Here’s a challenge to any of you reading. Translate the following simple English language phrase into any other language. And/or translate the joke I’m about to tell you below. Then post your translation in the comments here, and help us out with reading the other language(s). (Now I’ll play the linguist who explicates beforehand various English meanings of the words, both in the phrase and in the joke).
I.A. First the phrase:
Dare you translate that phrase?
I.B. Now the linguistics (plays on the words) of the phrase:
1) There’s a sound play (i.e., phonological alliterations and rhyming). The spelled-out “-ation” gives away the rhyme. And, if you’re from
2) The first word, imitation, as an adjective in front of the noun translation, can mean “cheap,” or “pretended,” or “artificial,” and so forth. Not a great meaning.
3) Without much of a stretch, you can also imagine “imitation” to be the sort of act that Wayne Leman over at Better Bibles Blog writes about today. “Be readers of this post” is his playful title, which imitates what he’s arguing is a bad-sounding English (e.g., “be imitators of God”) for a Greek clause.
4) You may add a #4 here as to what “imitation translation” means.
Now, how much of 1), 2), 3) or 4) can you bring across in your translation?
II.A. Here’ the joke in English:
How did the turtle cross the freeway?
[Let me just interject quickly here to warn: this joke is rated PG. One of my daughters brought it home from her private Christian school. Let me also warn that I’m spoiling the joke.]
[When the person you ask the above question to can’t answer, then offer this “help”]:
To figure out the answer, take the “F” out of “free” and the “F” out of “way.”
Okay, you’ve taken the “F” out of “free.” Now take the “F” out of “way.”
[If the person’s a native speaker of English, then he or she will eventually answer this way]:
There’s no F in way.
[When everyone around is laughing, the person will then start laughing after realizing the awful, unspeakable pun].
II.B. Now the here’s linguistics (plays on the words) of the joke:
1) There’s sound play (i.e., a pun): “no F in way” is the same set of sounds in “no f-in way” but the meanings are different.
2) “There’s no F in way” is the retort the one falling for the joke gives. But the same person has just uttered a clause with the abbreviated expletive “freaking.” This is funny for another reason: it’s an answer to the original question of sorts. How did the turtle cross the freeway? Well, the turtle didn’t cross the freeway; there’s no freakin’ way the turtle can make it across the freeway.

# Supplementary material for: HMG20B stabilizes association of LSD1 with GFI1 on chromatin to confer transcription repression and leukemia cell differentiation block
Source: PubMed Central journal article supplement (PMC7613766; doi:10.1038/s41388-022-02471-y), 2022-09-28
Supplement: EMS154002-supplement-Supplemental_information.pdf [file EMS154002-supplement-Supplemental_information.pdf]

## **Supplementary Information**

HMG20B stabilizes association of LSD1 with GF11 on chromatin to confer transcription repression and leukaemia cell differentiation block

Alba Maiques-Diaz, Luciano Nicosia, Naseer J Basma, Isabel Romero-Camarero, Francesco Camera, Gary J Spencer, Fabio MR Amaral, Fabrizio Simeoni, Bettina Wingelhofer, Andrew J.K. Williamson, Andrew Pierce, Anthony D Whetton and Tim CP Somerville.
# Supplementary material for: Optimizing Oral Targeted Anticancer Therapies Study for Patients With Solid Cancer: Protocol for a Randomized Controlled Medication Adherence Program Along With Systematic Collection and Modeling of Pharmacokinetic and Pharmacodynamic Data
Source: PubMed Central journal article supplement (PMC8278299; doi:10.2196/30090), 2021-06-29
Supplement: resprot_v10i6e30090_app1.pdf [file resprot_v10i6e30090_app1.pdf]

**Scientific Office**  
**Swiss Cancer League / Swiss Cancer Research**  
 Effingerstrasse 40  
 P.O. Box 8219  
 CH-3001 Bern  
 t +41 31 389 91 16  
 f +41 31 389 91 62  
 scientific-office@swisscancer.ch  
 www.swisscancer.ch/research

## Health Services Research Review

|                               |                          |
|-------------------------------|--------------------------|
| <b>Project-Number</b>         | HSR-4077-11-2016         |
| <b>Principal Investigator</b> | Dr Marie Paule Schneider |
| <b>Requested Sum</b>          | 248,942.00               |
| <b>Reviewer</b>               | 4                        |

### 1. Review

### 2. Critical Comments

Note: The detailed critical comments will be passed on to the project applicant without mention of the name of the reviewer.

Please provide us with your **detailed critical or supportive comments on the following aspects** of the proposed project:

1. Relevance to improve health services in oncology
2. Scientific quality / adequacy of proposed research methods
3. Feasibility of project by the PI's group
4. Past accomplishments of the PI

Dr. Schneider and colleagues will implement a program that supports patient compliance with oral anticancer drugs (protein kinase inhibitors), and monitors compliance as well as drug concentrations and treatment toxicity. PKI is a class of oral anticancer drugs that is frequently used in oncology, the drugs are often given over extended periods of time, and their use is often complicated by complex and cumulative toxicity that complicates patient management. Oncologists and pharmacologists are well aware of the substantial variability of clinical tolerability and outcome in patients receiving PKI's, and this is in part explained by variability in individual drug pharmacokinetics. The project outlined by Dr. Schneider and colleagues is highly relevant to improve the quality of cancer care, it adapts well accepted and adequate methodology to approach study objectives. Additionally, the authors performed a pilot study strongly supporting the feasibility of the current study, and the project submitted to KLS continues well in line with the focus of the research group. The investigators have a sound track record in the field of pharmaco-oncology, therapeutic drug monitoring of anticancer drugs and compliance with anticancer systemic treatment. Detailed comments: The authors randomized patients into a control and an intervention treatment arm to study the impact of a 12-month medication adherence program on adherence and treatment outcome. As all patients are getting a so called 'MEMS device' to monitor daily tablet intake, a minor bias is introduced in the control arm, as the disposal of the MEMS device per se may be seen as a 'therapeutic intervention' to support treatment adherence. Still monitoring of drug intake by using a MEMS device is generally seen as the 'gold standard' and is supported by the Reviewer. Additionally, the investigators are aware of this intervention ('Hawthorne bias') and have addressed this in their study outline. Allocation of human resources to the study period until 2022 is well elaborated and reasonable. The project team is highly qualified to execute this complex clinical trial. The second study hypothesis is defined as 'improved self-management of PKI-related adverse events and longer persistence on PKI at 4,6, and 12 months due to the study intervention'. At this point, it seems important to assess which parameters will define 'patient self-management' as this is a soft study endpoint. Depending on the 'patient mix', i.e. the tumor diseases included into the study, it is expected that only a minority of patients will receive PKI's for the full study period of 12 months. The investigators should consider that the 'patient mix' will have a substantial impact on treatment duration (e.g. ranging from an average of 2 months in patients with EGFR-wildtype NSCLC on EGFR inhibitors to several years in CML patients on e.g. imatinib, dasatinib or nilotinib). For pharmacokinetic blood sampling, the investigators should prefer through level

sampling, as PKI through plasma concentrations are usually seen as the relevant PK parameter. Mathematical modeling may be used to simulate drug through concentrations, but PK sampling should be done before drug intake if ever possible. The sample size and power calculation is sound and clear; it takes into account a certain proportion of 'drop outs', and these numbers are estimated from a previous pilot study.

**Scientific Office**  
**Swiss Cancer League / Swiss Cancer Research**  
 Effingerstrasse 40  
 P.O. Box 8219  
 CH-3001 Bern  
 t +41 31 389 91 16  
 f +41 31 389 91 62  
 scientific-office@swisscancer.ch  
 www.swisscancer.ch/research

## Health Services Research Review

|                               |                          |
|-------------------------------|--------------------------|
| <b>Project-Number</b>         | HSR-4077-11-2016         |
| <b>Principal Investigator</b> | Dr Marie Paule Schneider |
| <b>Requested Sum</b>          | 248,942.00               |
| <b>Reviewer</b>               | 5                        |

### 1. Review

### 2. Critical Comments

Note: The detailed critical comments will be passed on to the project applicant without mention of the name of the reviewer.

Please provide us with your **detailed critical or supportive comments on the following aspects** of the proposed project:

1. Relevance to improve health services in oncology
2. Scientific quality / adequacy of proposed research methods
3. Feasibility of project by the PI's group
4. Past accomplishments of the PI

3) The other funny thing is the social shock of the joke. Everyone else is anticipating the answer; everyone else is laughing first; and then, when the one falling for the joke finally gets it, everyone laughs all over again together. Saying an F-word (and almost saying other F-words) is often funny. (But if English isn’t you’re first language, then you won’t fall for it so easily. You see, we English speakers to introduce a new idea will use what linguists name “the existential there.” That’s “There + BE.” We say, “There is a no business like show business.” Or, “There is no letter F in the word way.” But, of course, we contract the words in speech. Now, the reason you won’t fall for the joke if you are not a “native English speaker” is this: you haven’t internalized the “existential there” rule. So you’ll say what my wife’s coworker from
4) You may add a #4 here to explain how linguistically the joke is funny.
Now, how much of 1), 2), 3) or 4) can you bring across in your translation? Will your listeners laugh in the other language(s)?
III. Your Turn
Would attempt to imitate the phrase or the joke by translation into another of your languages? Would you share your translation (and explanation) in comments here?
Or would you just care to explain why translation doesn't work?
There will be prizes for the winners!